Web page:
Fertilization in the Rhesus Monkey

  • Barry D. Bavister
  • Dorothy E. Boatman
  • Patricia M. Morgan
  • Pradeep K. Warikoo


The nonhuman primates occupy a unique niche among species suitable for experimental studies on fertilization and early development. Studies with nonhuman primates provide an important link between the huge literature derived from work on rodents and other common laboratory species and the relatively small amount of data on humans. Research with rodent species continues to provide the bulk of basic information on early development, in large part because of the ready availability of oocytes and embryos, but it is difficult to know to what extent information can be extrapolated to primate species, including humans. Information is increasingly available from the numerous human in vitro fertilization (IVF) programs now in operation. However, the amount and quality of basic scientific data on early development that can be obtained from this source are restricted, in part by ethical constraints (Austin, 1990) and in part by conflicting priorities between research and clinical needs for the supply of oocytes and embryos. For example, most “excess” human IVF embryos in the U.S.A. are destined for cryopreservation or for use in a donor program and are thus unsuitable for any research protocol that might compromise their viability. In contrast, there are no prohibitions on the use of fertilized eggs or embryos of nonhuman primates for research, while the reproductive physiology and embryology of the Old-World nonhuman primates are sufficiently similar to humans that direct extrapolation of concepts is possible.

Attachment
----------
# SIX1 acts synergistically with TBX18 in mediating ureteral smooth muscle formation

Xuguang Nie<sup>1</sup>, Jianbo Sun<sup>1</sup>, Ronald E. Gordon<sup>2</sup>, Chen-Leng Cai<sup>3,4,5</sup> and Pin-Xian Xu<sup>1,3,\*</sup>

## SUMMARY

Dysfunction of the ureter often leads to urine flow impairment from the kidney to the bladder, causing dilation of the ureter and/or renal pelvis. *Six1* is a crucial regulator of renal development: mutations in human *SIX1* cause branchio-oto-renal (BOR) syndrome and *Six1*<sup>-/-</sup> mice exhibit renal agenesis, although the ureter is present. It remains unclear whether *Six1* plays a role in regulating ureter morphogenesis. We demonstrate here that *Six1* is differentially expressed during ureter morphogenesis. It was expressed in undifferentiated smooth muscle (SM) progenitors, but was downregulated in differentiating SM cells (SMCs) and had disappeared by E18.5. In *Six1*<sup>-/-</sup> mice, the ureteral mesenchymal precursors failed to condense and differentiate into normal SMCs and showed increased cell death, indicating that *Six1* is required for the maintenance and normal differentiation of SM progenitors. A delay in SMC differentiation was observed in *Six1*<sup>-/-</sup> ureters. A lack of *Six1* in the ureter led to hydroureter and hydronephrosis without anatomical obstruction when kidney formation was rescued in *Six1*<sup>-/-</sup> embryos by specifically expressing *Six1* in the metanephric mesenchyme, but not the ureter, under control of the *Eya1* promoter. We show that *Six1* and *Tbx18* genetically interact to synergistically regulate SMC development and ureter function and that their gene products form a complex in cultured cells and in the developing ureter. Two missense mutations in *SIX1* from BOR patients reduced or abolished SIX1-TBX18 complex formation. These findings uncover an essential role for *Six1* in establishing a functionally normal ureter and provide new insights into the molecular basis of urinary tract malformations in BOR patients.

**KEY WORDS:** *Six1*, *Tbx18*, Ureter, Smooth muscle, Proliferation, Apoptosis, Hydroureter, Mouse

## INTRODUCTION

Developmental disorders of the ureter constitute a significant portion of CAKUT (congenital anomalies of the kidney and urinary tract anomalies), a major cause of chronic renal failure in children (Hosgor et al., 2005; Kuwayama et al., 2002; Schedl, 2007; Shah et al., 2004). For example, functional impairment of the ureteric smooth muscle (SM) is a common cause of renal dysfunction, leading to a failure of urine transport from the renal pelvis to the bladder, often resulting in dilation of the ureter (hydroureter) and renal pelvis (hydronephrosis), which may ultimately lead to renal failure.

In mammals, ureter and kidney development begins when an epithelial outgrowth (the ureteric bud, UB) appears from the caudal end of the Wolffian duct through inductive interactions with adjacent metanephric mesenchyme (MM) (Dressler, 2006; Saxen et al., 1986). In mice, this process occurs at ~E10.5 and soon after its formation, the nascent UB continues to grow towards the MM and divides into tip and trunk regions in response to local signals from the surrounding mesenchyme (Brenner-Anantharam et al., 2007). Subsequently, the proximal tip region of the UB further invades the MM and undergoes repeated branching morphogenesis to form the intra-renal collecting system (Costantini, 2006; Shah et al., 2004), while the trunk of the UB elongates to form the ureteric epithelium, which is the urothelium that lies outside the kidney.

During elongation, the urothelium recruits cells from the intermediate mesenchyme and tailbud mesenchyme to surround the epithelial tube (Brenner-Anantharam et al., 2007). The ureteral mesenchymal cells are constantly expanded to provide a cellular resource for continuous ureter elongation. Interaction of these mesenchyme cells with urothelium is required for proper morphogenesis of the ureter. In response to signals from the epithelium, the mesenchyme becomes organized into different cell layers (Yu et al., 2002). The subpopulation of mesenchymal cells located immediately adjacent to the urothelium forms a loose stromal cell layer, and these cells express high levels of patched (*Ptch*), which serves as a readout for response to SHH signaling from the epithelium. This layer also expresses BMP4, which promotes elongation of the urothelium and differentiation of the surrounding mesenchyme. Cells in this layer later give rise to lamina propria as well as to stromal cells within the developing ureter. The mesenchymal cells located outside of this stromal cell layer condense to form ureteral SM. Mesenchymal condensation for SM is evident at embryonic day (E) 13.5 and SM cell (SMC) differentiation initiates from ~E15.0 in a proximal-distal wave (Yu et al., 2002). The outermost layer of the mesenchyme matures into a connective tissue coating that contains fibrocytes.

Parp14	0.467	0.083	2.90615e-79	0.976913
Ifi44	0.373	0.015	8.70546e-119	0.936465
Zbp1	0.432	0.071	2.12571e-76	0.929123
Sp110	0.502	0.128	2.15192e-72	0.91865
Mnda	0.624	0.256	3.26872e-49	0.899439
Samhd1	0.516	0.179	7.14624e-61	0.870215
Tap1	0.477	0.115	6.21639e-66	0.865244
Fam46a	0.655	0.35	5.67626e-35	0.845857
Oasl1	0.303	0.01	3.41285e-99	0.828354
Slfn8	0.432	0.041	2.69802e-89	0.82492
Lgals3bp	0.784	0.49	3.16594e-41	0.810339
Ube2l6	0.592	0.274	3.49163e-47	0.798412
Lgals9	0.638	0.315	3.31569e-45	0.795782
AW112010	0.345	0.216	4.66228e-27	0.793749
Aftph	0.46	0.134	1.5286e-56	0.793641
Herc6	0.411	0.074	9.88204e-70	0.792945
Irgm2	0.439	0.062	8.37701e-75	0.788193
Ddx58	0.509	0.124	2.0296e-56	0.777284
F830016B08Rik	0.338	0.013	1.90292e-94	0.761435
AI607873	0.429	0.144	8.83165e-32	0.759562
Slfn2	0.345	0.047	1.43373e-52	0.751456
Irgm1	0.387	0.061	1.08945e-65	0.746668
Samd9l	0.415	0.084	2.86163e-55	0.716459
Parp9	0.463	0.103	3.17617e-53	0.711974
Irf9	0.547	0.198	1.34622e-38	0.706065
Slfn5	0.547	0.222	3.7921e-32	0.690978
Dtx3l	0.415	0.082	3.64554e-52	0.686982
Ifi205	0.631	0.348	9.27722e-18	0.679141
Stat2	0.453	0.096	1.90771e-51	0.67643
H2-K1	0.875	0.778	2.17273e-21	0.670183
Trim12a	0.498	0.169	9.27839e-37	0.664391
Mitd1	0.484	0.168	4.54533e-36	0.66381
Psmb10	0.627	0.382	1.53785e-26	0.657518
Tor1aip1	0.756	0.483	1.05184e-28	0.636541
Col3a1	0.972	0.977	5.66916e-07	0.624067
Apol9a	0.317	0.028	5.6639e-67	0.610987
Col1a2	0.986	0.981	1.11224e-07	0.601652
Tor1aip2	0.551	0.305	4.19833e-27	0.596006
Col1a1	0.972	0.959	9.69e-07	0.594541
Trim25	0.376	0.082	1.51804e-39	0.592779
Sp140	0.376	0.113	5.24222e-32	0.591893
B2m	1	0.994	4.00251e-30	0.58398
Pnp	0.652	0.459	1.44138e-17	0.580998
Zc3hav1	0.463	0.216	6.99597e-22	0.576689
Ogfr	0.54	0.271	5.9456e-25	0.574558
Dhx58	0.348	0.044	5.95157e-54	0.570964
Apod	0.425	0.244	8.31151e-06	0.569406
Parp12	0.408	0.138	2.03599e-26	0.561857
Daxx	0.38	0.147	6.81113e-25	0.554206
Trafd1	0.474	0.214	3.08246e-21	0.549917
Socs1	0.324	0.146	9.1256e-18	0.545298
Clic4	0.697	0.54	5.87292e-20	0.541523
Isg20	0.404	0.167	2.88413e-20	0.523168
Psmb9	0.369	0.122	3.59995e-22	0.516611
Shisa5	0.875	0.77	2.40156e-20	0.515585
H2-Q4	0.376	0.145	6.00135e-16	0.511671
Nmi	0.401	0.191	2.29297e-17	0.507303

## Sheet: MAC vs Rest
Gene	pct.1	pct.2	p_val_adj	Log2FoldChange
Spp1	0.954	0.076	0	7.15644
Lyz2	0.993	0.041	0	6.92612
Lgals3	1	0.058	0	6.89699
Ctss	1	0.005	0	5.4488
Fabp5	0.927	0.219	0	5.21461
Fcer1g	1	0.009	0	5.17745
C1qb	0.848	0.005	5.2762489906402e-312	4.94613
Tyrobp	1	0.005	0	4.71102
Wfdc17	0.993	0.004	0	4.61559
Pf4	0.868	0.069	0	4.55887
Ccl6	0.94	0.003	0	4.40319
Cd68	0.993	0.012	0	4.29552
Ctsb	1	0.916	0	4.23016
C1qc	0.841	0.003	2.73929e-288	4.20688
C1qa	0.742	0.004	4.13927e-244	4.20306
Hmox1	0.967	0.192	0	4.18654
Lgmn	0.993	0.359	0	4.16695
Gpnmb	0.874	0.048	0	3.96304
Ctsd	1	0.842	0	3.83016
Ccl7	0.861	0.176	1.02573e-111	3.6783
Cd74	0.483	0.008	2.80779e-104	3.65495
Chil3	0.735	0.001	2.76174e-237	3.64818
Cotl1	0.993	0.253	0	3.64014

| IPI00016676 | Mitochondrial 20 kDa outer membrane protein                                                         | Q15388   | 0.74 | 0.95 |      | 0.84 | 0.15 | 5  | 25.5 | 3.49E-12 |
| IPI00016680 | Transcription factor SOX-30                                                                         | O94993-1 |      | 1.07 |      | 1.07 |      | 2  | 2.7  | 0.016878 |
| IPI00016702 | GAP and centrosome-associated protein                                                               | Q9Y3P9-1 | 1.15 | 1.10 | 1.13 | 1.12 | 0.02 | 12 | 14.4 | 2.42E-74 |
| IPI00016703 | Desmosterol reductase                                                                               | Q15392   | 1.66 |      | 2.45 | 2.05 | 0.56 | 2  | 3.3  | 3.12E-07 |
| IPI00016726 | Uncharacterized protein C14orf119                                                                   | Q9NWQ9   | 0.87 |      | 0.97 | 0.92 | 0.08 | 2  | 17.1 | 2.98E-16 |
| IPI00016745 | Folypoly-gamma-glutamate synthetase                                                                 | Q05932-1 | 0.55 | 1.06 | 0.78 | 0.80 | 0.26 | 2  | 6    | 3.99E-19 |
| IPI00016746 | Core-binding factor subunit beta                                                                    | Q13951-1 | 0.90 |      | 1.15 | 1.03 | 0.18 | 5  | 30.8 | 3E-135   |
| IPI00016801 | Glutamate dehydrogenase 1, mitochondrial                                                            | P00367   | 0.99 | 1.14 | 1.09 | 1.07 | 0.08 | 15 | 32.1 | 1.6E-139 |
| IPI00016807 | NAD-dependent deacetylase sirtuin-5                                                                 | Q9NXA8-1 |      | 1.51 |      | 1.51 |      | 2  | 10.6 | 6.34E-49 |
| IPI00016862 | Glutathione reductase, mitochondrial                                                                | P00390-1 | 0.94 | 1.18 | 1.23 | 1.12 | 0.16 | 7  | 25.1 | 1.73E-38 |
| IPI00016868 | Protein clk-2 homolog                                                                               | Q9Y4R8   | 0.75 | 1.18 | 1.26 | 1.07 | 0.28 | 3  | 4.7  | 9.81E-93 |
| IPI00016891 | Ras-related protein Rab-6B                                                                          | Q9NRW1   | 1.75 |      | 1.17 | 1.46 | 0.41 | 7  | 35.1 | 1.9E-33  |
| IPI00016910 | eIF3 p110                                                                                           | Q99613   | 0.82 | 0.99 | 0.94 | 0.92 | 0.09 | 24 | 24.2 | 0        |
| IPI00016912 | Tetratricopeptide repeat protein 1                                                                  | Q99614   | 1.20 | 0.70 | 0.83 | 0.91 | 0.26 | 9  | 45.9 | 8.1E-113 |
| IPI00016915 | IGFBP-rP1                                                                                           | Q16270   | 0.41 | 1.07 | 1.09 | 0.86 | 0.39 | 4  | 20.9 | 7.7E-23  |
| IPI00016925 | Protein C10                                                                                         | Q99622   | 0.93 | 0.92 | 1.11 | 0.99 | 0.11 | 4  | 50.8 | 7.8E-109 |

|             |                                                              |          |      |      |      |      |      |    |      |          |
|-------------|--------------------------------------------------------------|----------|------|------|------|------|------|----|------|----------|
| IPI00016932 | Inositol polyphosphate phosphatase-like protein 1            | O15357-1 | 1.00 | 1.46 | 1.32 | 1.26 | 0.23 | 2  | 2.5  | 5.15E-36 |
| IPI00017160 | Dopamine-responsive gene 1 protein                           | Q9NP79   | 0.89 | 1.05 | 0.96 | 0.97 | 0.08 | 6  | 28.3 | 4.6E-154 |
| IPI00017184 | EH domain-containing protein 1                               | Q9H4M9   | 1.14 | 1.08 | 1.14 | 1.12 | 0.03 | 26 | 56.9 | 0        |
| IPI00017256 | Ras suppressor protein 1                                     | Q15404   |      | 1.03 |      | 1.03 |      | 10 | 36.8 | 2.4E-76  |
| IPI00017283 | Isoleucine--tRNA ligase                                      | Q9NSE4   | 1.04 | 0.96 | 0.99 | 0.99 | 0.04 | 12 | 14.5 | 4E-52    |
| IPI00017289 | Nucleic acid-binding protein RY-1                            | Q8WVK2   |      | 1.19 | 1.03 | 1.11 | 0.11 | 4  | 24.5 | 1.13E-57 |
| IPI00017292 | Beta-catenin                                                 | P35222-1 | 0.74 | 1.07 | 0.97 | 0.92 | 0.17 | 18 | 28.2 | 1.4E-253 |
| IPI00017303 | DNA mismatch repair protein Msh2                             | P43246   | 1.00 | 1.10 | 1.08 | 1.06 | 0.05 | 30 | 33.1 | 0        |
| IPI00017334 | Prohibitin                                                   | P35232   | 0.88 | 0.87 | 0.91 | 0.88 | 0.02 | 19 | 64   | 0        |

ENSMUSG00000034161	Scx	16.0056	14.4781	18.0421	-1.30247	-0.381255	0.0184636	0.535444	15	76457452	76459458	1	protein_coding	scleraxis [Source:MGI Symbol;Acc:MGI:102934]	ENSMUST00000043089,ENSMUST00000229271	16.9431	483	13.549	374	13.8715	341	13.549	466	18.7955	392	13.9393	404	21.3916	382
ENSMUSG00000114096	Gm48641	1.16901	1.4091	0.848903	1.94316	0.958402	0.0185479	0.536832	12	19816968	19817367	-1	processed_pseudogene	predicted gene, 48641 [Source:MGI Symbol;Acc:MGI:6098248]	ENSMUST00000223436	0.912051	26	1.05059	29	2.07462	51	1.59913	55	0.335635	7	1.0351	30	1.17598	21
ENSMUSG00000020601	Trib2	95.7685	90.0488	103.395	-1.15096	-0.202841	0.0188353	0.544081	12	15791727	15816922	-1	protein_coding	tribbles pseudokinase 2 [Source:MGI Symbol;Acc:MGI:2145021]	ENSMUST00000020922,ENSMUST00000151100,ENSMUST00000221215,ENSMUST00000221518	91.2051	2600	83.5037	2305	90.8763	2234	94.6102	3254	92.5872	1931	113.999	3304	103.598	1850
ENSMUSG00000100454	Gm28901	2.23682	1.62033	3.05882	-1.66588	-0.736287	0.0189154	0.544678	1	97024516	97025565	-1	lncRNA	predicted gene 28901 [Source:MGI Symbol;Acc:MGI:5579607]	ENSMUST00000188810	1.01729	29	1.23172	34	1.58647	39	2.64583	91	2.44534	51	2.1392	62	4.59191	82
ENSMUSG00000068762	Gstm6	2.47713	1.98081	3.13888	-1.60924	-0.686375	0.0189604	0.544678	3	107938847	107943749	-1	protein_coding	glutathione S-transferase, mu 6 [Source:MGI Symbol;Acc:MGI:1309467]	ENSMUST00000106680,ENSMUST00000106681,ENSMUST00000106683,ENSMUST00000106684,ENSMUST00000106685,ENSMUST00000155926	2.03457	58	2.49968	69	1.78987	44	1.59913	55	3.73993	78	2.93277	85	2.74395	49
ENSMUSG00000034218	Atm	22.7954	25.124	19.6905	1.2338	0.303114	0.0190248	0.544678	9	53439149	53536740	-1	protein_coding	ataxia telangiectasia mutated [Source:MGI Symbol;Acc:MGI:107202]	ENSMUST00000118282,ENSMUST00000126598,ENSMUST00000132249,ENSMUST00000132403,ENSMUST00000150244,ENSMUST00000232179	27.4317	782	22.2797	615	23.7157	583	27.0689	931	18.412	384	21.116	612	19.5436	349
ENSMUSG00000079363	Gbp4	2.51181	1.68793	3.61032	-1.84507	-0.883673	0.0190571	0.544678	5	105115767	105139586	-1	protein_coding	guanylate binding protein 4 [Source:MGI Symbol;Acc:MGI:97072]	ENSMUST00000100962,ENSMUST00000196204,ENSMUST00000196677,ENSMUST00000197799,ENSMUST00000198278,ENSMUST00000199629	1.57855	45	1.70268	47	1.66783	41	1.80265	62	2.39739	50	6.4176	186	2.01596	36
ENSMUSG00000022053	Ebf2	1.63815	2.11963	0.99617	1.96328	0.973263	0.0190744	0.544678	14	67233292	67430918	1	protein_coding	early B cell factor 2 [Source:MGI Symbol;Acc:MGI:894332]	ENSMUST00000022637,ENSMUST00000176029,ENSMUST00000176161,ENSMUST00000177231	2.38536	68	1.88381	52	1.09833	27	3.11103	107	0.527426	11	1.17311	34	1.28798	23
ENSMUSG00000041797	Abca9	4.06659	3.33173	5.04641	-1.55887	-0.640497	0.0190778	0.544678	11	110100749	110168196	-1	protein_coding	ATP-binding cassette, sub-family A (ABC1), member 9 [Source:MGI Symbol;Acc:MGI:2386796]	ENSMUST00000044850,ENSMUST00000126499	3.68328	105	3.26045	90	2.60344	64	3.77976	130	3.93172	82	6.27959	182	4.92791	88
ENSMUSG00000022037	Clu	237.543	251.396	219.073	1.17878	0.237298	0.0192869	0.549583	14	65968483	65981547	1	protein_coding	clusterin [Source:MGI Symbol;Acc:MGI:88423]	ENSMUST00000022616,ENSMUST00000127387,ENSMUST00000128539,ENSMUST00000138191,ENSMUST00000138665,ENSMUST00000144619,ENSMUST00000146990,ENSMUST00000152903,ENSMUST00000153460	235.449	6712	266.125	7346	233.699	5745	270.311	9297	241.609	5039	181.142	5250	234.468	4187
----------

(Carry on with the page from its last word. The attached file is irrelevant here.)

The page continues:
Rhesus Monkey Embryo Transfer Nonhuman Primate Oocyte Maturation Acrosome Reaction 
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Copyright information

© Springer Science+Business Media New York 1991

Authors and Affiliations

  • Barry D. Bavister
    • 1
  • Dorothy E. Boatman
    • 1
  • Patricia M. Morgan
    • 1
  • Pradeep K. Warikoo
    • 1
  1. 1.Wisconsin Regional Primate Research CenterUniversity of WisconsinMadisonUSA

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